Earth recorded the hottest day ever on July 6. According to data from US experts, the Earth’s daily average temperature surged to 17.23°C on July 6, breaking two previous heat records of 17.01°C and 17.18°C set on July 3 and 4 respectively. The temperatures were recorded by the University of Maine’s Climate Reanalyzer, an unauthorised system that studies global air temperatures at 2m above the surface.
Climate scientists are deeply concerned about the rising average temperature, with unprecedented sea surface temperatures and record low Antarctic sea ice. They have observed that the combination of ever-increasing greenhouse gas emissions and the return of El Niño is likely cause for this. The World Meteorological Organization (“WMO”) has declared that the weather conditions known as El Niño have started in the Pacific Ocean for the first time in seven years. WMO Secretary-General Professor Petter Taalas has said that “The onset of El Niño will greatly increase the likelihood of breaking temperature records and triggering more extreme heat in many parts of the world and in the ocean”. Before this, August 2016 was recorded as the warmest year ever, when the global average temperature reached 16.92°C.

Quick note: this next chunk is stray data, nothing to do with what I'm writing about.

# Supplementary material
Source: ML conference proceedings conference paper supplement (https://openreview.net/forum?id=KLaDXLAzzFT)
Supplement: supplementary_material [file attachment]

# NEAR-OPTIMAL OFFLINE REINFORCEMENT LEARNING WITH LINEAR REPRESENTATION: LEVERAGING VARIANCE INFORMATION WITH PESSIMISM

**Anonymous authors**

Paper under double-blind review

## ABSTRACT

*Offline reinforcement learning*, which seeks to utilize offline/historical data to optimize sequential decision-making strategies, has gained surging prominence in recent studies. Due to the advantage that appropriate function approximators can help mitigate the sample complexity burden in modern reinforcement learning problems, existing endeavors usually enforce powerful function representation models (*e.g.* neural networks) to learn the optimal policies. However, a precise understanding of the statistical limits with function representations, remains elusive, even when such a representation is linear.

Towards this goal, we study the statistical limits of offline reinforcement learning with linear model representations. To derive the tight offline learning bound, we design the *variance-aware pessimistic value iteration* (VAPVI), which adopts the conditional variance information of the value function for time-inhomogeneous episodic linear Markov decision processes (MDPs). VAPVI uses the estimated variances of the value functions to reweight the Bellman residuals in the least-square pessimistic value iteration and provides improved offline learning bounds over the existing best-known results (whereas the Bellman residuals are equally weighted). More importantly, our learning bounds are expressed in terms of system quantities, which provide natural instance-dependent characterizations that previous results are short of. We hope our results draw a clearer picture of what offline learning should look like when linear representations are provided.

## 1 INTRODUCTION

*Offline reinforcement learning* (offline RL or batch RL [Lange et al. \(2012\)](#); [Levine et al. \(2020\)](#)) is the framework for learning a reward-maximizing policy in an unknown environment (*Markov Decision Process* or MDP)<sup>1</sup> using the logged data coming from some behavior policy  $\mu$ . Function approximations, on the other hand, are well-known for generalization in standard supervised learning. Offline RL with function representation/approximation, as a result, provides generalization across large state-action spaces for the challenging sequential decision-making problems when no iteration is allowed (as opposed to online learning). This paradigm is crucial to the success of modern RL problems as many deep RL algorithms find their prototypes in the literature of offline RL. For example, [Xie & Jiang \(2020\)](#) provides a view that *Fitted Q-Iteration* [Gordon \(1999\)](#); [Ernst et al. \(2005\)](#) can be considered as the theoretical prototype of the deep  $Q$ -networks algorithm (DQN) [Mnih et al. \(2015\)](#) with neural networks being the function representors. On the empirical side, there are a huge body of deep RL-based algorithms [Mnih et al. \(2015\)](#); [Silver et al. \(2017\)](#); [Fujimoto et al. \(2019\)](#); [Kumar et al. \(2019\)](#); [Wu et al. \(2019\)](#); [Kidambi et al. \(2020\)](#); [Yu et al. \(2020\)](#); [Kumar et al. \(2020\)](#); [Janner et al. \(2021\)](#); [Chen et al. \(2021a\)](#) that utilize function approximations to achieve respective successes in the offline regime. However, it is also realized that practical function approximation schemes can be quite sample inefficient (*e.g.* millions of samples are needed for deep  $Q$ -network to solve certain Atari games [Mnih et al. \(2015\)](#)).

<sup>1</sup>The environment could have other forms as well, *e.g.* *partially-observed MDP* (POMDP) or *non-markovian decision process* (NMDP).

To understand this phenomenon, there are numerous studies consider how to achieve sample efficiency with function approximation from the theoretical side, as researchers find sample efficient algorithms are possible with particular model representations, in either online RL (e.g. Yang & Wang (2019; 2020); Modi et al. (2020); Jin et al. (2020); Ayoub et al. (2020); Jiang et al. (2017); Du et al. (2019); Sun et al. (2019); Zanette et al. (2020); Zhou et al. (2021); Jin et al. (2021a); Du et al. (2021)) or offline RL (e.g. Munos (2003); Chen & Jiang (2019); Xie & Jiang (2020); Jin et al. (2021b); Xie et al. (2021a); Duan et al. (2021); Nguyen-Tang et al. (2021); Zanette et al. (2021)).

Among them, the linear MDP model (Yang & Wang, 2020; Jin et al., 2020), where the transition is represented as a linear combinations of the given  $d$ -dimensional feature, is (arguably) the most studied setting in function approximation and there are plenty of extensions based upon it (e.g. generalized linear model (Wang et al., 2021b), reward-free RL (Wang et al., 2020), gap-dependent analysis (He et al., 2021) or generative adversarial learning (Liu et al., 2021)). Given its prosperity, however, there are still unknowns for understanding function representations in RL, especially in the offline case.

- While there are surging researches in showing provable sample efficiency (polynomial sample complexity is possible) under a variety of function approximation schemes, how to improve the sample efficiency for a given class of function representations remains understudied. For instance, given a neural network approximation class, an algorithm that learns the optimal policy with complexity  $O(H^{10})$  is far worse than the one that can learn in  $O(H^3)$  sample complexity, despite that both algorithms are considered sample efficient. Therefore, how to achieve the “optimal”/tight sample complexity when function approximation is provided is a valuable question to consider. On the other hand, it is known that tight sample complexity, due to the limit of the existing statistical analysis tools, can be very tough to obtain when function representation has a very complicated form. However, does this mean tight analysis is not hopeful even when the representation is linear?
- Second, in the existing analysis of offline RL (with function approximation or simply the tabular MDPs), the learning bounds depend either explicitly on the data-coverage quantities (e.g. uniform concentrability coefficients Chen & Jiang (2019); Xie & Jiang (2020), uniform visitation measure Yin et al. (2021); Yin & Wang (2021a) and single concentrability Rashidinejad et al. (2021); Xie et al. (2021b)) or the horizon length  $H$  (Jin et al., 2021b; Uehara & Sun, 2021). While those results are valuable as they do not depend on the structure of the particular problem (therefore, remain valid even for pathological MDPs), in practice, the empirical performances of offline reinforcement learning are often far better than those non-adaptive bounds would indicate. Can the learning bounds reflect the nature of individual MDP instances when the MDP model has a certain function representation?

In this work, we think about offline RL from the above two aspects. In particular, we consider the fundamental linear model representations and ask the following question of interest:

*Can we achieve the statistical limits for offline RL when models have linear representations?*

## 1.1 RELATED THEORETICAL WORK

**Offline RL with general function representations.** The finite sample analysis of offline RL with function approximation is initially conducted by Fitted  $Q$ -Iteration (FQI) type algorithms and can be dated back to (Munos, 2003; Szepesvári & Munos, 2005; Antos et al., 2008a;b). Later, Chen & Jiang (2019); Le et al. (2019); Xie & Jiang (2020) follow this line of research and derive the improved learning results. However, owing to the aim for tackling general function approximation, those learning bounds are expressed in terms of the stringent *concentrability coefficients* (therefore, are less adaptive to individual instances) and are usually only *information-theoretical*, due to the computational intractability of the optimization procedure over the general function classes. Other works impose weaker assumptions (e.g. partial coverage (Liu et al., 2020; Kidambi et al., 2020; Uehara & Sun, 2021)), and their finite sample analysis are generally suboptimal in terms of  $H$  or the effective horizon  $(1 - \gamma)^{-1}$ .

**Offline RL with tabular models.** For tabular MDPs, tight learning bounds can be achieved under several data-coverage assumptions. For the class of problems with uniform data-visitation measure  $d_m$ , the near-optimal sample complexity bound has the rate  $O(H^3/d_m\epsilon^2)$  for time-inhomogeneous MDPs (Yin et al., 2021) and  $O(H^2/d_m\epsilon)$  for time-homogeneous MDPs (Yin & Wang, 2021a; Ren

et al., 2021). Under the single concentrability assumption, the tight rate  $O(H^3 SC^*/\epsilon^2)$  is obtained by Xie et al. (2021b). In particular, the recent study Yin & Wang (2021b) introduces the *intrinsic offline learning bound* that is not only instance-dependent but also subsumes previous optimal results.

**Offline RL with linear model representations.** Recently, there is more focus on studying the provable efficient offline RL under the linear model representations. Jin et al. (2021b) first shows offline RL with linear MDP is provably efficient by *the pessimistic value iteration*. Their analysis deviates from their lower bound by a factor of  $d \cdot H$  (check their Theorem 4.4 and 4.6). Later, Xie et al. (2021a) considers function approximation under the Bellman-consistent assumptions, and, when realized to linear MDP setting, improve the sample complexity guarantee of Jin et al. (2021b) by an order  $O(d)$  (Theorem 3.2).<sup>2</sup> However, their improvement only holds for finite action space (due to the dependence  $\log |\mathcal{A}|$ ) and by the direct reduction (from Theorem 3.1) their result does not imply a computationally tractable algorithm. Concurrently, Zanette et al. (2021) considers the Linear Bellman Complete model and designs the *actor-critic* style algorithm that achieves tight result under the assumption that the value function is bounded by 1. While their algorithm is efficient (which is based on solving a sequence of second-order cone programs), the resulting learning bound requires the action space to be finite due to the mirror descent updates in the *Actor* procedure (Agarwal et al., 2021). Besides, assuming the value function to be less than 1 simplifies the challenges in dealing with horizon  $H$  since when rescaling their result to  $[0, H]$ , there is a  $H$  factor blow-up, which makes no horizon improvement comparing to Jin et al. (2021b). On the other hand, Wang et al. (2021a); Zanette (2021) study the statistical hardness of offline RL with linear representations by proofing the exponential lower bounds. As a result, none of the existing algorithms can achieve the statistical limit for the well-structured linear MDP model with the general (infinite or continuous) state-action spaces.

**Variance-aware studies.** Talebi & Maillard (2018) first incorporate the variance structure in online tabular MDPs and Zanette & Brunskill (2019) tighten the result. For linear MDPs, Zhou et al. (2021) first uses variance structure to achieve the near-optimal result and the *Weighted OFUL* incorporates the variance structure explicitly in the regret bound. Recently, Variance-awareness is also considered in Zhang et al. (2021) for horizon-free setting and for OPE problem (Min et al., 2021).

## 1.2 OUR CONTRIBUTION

What is El Niño?
El Niño is part of the natural climate phenomenon called the El Niño Southern Oscillation.
It has two opposite states – El Niño and La Niña – both of which significantly alter global weather.
An El Niño event is typically declared when sea surface temperatures in the tropical eastern Pacific rise to at least 0.5°C above the long-term average.
El Niño events typically bring increased rainfall in parts of southern South America, the southern United States, the Horn of Africa, and central Asia. El Niño can also cause severe droughts over Australia, Indonesia, parts of southern Asia, Central America and northern South America.
Did you know that El Niño means “the boy” in Spanish?
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